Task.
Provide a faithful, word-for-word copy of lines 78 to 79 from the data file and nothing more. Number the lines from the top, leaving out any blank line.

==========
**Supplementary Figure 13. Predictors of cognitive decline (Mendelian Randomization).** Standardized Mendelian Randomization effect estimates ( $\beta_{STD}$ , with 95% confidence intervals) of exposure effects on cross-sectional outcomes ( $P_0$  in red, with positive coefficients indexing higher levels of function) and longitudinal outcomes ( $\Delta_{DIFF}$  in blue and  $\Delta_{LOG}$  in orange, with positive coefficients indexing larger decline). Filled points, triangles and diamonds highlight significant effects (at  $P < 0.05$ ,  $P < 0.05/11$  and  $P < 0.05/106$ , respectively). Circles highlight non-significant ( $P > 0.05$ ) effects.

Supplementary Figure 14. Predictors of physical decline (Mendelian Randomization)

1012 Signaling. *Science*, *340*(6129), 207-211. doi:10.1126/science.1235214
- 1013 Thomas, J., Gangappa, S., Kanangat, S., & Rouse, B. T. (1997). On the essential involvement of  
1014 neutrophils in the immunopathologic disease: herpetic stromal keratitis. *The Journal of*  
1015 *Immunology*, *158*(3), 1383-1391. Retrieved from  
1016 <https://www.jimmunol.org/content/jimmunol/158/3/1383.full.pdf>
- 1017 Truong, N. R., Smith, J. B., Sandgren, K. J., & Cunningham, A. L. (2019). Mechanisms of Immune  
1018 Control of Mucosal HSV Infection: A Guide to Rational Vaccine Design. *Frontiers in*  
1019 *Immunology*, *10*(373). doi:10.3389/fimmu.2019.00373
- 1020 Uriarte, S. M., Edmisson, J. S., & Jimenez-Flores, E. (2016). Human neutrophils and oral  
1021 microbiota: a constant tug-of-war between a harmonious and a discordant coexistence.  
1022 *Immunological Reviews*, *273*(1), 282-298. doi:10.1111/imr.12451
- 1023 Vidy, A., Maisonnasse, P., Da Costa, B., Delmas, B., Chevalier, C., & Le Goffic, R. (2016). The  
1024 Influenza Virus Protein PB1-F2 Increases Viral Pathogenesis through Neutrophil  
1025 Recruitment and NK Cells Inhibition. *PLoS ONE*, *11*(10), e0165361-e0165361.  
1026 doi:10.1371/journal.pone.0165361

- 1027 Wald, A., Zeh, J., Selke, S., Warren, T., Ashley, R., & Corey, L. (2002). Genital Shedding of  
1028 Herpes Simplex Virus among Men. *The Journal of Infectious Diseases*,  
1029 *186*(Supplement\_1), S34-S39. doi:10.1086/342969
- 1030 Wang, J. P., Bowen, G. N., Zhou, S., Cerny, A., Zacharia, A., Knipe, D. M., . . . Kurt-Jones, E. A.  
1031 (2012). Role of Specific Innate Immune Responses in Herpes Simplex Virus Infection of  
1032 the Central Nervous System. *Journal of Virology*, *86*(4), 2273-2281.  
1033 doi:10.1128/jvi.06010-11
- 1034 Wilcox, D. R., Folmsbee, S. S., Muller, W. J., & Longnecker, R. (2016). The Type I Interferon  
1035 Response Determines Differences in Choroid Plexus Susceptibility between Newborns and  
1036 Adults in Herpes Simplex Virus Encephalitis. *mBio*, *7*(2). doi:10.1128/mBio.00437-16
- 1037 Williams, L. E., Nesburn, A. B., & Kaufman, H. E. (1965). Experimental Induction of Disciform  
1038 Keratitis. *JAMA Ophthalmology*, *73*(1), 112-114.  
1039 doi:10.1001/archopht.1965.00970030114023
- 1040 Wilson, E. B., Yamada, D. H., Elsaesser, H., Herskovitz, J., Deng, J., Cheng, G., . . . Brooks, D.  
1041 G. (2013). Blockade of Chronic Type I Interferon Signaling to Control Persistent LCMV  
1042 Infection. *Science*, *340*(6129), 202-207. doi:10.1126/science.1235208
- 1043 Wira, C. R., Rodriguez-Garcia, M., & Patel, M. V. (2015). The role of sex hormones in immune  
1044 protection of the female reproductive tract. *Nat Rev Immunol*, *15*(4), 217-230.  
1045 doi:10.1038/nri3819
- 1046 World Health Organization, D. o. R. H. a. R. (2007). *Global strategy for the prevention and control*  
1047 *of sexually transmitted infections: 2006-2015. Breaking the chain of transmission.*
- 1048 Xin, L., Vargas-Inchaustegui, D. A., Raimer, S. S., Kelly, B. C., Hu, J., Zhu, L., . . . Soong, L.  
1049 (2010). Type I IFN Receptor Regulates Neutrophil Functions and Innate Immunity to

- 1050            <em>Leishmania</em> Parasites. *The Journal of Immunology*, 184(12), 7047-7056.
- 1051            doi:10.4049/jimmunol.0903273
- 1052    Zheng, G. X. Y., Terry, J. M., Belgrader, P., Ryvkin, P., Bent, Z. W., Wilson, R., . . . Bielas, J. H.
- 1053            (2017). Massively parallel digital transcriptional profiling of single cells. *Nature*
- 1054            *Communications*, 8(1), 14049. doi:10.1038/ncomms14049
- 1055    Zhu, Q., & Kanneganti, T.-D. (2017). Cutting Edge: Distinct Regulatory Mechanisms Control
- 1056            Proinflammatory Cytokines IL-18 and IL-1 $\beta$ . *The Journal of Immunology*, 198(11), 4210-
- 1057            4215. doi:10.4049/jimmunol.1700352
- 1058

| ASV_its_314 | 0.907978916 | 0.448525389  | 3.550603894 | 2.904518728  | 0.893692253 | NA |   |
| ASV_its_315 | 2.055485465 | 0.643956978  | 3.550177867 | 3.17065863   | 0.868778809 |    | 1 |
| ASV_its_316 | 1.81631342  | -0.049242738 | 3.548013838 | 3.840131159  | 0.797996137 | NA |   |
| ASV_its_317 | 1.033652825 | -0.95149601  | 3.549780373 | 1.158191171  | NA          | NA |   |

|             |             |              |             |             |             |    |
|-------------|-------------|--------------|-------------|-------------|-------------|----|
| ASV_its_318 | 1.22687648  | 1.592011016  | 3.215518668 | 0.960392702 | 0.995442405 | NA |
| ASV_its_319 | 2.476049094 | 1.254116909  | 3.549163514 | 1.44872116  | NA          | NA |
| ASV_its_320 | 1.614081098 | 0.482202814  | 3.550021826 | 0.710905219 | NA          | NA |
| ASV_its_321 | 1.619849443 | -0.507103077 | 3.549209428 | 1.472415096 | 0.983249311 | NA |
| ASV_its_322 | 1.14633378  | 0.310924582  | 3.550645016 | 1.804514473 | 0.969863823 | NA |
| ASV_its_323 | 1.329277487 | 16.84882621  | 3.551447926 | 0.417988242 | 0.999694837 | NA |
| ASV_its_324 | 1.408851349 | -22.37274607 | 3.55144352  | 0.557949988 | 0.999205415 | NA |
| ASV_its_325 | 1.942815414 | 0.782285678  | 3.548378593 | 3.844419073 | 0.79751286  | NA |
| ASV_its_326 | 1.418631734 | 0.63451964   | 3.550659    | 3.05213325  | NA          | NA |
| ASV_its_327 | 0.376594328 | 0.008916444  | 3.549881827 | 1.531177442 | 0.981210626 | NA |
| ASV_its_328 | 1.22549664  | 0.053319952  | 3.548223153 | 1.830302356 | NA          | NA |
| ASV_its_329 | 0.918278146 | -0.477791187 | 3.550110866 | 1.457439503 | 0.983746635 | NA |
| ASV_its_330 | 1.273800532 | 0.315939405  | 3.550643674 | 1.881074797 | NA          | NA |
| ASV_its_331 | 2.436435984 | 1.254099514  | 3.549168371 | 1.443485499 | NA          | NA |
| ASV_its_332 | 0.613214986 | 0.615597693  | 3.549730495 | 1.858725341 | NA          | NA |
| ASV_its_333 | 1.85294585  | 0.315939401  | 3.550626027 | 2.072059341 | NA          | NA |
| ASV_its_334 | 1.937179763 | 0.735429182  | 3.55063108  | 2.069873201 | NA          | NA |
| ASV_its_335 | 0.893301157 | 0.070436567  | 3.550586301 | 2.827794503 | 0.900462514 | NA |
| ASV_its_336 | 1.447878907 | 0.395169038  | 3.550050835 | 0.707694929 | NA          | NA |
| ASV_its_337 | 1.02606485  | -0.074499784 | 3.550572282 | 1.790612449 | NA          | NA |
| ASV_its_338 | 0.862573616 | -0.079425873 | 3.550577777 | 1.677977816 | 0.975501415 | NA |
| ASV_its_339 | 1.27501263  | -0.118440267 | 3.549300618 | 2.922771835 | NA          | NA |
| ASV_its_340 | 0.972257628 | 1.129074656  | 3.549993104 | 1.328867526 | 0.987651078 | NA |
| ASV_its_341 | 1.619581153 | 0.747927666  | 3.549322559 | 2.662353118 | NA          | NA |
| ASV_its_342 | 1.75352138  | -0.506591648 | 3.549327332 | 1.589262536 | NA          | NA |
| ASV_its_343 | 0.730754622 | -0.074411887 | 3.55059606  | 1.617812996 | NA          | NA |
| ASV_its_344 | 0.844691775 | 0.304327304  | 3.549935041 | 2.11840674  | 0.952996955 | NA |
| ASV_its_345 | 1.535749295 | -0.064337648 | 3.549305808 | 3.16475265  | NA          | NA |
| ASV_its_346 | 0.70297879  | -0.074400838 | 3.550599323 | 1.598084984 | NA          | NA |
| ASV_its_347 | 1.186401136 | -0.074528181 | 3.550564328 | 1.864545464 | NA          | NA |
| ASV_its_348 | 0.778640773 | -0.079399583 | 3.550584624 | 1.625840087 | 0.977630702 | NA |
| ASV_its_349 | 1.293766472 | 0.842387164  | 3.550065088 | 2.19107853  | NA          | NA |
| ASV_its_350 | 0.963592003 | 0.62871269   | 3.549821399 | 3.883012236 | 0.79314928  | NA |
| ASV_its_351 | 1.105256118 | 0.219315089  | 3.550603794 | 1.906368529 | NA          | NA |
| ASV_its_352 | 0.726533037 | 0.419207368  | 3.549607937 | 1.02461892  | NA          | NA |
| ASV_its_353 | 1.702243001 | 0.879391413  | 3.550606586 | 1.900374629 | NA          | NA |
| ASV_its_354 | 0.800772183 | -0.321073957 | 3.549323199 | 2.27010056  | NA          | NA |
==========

| ASV_its_340 | 0.972257628 | 1.129074656  | 3.549993104 | 1.328867526 | 0.987651078 | NA |
| ASV_its_341 | 1.619581153 | 0.747927666  | 3.549322559 | 2.662353118 | NA          | NA |